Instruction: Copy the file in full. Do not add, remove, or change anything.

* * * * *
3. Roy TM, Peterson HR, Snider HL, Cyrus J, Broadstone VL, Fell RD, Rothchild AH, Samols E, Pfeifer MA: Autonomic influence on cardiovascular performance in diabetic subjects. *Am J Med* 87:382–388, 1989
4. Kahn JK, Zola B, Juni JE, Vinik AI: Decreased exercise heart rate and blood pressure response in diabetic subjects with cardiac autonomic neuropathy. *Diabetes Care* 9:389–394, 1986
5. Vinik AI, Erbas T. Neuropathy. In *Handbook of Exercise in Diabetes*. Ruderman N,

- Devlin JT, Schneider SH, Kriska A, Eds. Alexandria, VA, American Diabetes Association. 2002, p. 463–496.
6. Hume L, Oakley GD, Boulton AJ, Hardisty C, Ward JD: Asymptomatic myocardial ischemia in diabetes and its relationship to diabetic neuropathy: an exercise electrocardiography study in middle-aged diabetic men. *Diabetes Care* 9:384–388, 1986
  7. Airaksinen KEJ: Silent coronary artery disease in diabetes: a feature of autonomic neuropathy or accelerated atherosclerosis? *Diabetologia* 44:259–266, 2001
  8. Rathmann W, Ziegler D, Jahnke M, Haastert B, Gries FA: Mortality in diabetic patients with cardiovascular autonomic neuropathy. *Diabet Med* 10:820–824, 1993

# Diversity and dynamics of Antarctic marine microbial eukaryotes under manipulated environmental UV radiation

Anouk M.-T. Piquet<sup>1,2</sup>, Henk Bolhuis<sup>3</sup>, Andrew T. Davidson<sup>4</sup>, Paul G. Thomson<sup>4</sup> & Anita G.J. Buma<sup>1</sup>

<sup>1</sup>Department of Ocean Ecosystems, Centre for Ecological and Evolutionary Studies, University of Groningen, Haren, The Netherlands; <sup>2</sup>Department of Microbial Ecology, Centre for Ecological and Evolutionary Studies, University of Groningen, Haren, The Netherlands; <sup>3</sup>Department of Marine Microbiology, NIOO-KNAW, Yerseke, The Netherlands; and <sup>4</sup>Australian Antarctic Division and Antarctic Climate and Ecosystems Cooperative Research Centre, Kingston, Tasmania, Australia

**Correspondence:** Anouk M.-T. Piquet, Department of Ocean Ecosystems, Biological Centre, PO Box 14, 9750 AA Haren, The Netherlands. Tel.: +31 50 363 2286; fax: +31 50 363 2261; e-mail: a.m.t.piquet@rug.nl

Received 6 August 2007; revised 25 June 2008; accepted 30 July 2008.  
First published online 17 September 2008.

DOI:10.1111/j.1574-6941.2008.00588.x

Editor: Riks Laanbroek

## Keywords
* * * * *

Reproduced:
3. Roy TM, Peterson HR, Snider HL, Cyrus J, Broadstone VL, Fell RD, Rothchild AH, Samols E, Pfeifer MA: Autonomic influence on cardiovascular performance in diabetic subjects. *Am J Med* 87:382–388, 1989
4. Kahn JK, Zola B, Juni JE, Vinik AI: Decreased exercise heart rate and blood pressure response in diabetic subjects with cardiac autonomic neuropathy. *Diabetes Care* 9:389–394, 1986
5. Vinik AI, Erbas T. Neuropathy. In *Handbook of Exercise in Diabetes*. Ruderman N,

- Devlin JT, Schneider SH, Kriska A, Eds. Alexandria, VA, American Diabetes Association. 2002, p. 463–496.
6. Hume L, Oakley GD, Boulton AJ, Hardisty C, Ward JD: Asymptomatic myocardial ischemia in diabetes and its relationship to diabetic neuropathy: an exercise electrocardiography study in middle-aged diabetic men. *Diabetes Care* 9:384–388, 1986
  7. Airaksinen KEJ: Silent coronary artery disease in diabetes: a feature of autonomic neuropathy or accelerated atherosclerosis? *Diabetologia* 44:259–266, 2001
  8. Rathmann W, Ziegler D, Jahnke M, Haastert B, Gries FA: Mortality in diabetic patients with cardiovascular autonomic neuropathy. *Diabet Med* 10:820–824, 1993

# Diversity and dynamics of Antarctic marine microbial eukaryotes under manipulated environmental UV radiation

Anouk M.-T. Piquet<sup>1,2</sup>, Henk Bolhuis<sup>3</sup>, Andrew T. Davidson<sup>4</sup>, Paul G. Thomson<sup>4</sup> & Anita G.J. Buma<sup>1</sup>

<sup>1</sup>Department of Ocean Ecosystems, Centre for Ecological and Evolutionary Studies, University of Groningen, Haren, The Netherlands; <sup>2</sup>Department of Microbial Ecology, Centre for Ecological and Evolutionary Studies, University of Groningen, Haren, The Netherlands; <sup>3</sup>Department of Marine Microbiology, NIOO-KNAW, Yerseke, The Netherlands; and <sup>4</sup>Australian Antarctic Division and Antarctic Climate and Ecosystems Cooperative Research Centre, Kingston, Tasmania, Australia

**Correspondence:** Anouk M.-T. Piquet, Department of Ocean Ecosystems, Biological Centre, PO Box 14, 9750 AA Haren, The Netherlands. Tel.: +31 50 363 2286; fax: +31 50 363 2261; e-mail: a.m.t.piquet@rug.nl

Received 6 August 2007; revised 25 June 2008; accepted 30 July 2008.  
First published online 17 September 2008.

DOI:10.1111/j.1574-6941.2008.00588.x

Editor: Riks Laanbroek

## Keywords